Most of the buzz over Gilead Sciences (NASDAQ:GILD) in recent months has centered on its antiviral drug remdesivir. That's understandable, considering that the drug is currently the most promising therapy targeting COVID-19.

Gilead has also been in headlines over the past week after reports surfaced that big pharmaceutical company AstraZeneca was interested in acquiring the biotech. The possibility of a deal, though, seems to have evaporated now.

But while these are the stories that have kept Gilead at the forefront of investors' attention for now, there's another one that could be the real game-changer for the biotech in the not-too-distant future. Could Gilead Sciences have an HIV cure waiting in the wings?

Red ribbon on top of blue jigsaw puzzle pieces

Image source: Getty Images.

Multiple shots on goal

Gilead's longtime goal has been to develop a cure for HIV. And now the biotech doesn't just have one pipeline candidate in clinical testing that could achieve that goal -- it has four.

In January, Gilead licensed a portfolio of broadly neutralizing antibodies (bNAbs) developed by The Rockefeller University. Two of these bNAbs, GS-5423 and GS-2872, are being evaluated in phase 2 testing for treating, preventing, and potentially curing HIV. However, Gilead isn't conducting the clinical studies on its own but is collaborating with Rockefeller. 

The big biotech is also evaluating two other potential HIV cures in phase 1 clinical studies. Elipovimab (GS-9722) is a first-in-class bNAb for targeted elimination of HIV-infected cells. Vesatolimod (GS-9620) is a toll-like receptor 7 (TLR7) agonist that has demonstrated potential for curing rhesus monkeys infected with HIV in preclinical testing.

Gilead presented results from a phase 1b study of vesatolimod in March. The drug achieved only modest increased time for recurrence of HIV (known as viral rebound) compared to placebo, which didn't come close to being a cure.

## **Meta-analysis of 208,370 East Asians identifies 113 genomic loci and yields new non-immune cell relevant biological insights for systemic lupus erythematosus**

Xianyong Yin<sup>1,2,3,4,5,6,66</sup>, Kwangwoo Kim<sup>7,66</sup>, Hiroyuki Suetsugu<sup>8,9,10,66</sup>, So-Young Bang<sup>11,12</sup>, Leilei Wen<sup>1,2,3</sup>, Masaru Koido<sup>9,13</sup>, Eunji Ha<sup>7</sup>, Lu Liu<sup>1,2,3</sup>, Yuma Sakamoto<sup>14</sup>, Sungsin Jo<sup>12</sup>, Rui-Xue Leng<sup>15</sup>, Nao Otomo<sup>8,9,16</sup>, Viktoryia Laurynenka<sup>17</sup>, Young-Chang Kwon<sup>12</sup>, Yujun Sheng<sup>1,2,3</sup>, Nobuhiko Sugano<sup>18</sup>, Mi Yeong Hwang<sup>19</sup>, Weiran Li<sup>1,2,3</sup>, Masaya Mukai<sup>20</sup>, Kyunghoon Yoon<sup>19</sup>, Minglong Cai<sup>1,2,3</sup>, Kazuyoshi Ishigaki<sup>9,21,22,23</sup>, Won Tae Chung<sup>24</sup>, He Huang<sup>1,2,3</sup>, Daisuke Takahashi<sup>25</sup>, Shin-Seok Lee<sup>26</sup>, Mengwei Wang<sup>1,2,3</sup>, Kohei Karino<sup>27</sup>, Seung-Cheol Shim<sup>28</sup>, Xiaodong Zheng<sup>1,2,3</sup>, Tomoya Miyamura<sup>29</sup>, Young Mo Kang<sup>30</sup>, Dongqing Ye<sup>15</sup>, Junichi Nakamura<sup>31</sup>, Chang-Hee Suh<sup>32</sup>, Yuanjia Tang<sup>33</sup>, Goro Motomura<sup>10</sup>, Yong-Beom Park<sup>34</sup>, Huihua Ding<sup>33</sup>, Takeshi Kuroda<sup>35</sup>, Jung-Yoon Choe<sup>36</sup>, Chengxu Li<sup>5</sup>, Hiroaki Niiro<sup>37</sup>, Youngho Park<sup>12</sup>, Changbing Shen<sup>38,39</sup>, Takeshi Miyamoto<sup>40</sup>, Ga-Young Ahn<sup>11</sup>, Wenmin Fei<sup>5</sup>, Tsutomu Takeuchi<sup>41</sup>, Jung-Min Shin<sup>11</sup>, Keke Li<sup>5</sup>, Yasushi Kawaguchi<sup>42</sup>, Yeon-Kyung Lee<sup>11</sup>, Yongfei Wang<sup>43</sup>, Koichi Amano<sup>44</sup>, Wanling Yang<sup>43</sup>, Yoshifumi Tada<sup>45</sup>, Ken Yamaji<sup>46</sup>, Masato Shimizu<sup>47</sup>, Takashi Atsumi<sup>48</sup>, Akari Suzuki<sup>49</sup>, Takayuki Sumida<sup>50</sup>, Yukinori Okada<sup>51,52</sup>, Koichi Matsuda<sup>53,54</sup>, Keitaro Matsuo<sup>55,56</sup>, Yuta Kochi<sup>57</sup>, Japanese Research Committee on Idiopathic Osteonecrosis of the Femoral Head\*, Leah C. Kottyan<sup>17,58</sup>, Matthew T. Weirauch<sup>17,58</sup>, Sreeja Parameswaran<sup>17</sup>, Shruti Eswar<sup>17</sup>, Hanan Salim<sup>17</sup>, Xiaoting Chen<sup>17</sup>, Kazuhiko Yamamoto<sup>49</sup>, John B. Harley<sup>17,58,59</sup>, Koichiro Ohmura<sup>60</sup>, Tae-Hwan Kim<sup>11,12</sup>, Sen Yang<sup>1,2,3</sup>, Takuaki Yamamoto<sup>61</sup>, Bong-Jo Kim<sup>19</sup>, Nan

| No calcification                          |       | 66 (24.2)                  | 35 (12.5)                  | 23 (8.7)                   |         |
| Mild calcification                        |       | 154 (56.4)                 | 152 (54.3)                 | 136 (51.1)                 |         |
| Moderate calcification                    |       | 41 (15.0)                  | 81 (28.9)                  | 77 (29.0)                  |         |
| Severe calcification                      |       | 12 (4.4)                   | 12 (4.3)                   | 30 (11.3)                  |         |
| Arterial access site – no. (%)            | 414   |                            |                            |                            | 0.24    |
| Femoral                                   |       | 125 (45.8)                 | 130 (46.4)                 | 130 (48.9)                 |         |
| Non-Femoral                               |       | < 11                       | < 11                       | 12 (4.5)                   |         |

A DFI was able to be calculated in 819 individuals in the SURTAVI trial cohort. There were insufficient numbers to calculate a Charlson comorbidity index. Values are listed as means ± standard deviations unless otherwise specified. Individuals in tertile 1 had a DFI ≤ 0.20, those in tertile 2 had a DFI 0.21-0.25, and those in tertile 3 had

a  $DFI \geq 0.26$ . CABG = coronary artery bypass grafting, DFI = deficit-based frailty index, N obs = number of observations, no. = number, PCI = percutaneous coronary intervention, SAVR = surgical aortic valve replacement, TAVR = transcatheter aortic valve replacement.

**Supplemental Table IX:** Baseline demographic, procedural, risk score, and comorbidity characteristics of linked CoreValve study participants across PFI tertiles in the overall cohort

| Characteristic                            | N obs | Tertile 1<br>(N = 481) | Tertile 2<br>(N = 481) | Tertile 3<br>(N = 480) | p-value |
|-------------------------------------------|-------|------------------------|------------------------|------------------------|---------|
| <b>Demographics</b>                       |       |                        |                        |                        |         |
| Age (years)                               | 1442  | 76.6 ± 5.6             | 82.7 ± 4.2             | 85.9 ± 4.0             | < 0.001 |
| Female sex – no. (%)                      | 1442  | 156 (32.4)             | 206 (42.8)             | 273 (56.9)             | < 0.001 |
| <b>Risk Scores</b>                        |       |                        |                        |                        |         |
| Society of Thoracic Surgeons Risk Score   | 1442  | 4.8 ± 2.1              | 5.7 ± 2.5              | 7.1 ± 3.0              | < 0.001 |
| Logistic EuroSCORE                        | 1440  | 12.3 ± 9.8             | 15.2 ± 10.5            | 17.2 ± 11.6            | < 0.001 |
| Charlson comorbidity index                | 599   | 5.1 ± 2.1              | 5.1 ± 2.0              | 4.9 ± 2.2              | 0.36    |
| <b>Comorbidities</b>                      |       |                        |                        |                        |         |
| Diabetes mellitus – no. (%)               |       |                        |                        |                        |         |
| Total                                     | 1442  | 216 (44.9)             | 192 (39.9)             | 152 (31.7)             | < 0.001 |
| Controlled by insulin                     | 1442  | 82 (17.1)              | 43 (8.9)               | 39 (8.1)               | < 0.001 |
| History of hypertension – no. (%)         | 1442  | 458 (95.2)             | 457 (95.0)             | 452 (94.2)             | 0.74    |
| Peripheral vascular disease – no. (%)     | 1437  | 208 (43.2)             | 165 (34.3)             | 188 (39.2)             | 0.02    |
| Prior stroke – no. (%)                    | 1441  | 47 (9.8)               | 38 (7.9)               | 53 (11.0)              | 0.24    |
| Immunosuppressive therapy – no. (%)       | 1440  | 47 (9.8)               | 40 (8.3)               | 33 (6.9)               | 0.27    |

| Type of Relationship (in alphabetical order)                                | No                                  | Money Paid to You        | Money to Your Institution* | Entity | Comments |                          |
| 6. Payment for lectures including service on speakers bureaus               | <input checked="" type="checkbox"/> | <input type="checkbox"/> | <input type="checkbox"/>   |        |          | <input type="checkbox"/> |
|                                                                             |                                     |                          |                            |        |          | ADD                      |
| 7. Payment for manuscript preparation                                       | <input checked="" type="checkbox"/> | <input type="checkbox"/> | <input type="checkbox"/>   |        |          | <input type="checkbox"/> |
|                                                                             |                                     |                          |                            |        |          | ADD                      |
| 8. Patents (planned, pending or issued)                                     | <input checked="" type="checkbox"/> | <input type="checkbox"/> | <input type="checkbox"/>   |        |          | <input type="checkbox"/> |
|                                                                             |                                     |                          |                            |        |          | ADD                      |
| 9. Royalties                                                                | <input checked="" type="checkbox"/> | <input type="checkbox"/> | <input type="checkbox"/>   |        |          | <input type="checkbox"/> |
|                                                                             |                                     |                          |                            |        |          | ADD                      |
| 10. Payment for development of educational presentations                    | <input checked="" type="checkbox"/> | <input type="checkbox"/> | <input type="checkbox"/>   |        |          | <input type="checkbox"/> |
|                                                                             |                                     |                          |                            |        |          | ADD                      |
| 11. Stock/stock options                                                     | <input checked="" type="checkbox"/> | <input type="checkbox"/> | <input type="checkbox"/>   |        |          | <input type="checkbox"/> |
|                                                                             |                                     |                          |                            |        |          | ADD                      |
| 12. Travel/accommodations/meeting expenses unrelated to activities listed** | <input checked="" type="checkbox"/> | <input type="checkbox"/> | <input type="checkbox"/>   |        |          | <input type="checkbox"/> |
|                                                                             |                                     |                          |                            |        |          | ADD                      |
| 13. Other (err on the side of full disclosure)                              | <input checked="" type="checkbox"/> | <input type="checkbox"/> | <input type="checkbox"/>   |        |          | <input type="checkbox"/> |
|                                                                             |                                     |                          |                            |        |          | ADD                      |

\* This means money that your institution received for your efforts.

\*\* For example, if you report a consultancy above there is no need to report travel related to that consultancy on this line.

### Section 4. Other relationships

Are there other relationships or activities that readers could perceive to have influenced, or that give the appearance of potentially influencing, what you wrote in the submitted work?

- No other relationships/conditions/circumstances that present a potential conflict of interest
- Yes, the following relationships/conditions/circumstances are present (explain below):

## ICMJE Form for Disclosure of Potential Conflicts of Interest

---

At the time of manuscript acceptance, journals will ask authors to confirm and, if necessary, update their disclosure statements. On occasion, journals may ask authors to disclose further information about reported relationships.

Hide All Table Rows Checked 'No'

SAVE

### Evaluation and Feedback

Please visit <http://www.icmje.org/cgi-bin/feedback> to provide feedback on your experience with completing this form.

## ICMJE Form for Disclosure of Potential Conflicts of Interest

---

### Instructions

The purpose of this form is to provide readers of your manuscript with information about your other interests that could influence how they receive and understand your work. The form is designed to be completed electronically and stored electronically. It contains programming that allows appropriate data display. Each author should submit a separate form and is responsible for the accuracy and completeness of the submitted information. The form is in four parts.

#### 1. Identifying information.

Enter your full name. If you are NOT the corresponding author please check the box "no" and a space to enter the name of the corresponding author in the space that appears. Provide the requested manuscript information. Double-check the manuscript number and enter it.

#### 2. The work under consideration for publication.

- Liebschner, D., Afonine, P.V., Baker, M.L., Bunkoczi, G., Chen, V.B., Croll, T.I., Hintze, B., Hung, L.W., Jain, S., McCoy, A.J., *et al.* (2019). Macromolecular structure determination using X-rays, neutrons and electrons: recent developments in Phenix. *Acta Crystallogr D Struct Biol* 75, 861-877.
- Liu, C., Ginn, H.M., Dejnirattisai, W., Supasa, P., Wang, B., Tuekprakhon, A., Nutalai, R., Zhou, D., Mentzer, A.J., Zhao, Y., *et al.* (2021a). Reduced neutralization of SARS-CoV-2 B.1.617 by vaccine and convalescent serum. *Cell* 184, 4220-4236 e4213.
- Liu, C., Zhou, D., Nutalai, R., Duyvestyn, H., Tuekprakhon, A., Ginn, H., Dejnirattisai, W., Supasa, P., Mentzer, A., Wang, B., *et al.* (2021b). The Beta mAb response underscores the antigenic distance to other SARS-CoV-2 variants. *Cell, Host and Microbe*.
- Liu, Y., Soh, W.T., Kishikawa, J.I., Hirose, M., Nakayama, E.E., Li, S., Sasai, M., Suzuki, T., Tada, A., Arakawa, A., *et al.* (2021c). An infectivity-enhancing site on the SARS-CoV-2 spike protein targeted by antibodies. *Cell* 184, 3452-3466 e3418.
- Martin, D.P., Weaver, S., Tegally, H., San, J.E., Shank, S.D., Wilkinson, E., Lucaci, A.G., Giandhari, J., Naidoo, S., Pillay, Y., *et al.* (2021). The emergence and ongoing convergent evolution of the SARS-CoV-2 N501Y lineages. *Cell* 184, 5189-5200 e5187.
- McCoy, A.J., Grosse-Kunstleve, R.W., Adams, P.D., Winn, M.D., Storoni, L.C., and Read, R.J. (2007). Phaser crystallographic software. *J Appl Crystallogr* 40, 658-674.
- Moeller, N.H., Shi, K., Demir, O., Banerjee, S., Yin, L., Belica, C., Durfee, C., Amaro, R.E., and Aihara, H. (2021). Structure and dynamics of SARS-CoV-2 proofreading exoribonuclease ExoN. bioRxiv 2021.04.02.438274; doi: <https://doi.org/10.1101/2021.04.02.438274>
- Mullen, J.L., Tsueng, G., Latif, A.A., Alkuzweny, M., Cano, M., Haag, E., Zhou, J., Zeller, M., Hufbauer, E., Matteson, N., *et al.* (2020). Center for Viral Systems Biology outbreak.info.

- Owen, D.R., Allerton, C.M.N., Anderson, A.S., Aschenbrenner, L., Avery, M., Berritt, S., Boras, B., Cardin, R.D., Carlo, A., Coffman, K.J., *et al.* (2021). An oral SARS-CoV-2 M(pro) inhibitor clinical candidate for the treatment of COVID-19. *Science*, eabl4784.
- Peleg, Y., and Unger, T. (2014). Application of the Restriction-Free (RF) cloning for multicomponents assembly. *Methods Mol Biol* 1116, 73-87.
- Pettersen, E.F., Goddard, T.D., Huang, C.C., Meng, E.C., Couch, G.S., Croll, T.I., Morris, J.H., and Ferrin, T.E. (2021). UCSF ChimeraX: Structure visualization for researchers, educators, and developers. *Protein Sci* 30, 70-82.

However, as was the case in developing effective HIV treatments, there's likely a greater possibility that combination approaches offer the greatest chance at curing HIV. Gilead executive Diana Brainard stated that the research with vesatolimod "furthers the collective scientific knowledge on potential pathways to achieve a 'functional cure'" for HIV. 

The company has even more potential components to a combo approach to curing HIV. Gilead's latest investor presentation listed two HIV cure candidate programs in preclinical testing -- a vaccine being developed in collaboration with Hookipa Pharma and GS-9723. Gilead has already filed for FDA approval to begin a phase 1 clinical study for GS-9723.

Expertise that counts

To be sure, it's still very early for Gilead's efforts to develop an HIV cure. However, if there's any company that could pull it off, Gilead Sciences is it.

Gilead's first FDA approval was for Vistide in treating AIDS patients with inflammatory eye disease cytomegalovirus retinitis. Through the years, Gilead became a juggernaut in HIV treatment with blockbusters including Atripla, Stribild, and Truvada.

More recently, the company's new class of HIV drugs has taken over the market. Biktarvy appears to be on track to become the best-selling HIV drug so far. The biotech's pipeline includes a promising long-acting HIV treatment, lenacapavir (GS-6207), that could be an even greater commercial success than Biktarvy. 

Simply put, Gilead arguably knows the science of HIV better than any other drugmaker on the planet. That doesn't mean that the company will necessarily develop an HIV cure on its own, though. Gilead's antiviral expertise enables it to recognize the potential for other research programs (and seek to acquire or license those programs).

That's exactly what happened in 2011. Gilead acquired Pharmasset for $11 billion in a deal that was widely criticized at the time. But that acquisition led to Gilead launching multiple cures for hepatitis C that made the company well over five times its initial investment.

The future > the present

Some investors might look at Gilead's admittedly less-than-impressive growth right now and conclude that they should take a pass on the biotech stock. I think this view is shortsighted. With investing, the future is always more important than the present. 

Gilead will almost certainly have a solid winner with remdesivir. It awaits FDA approval for filgotinib, which holds the potential to become the company's first blockbuster in immunology. The biotech is building its pipeline in oncology through acquisitions and partnerships. And, yes, Gilead's future in HIV is very bright. It won't be surprising if the big buzz for the company in a few years has nothing to do with COVID-19 and everything to do with a long-sought cure for HIV.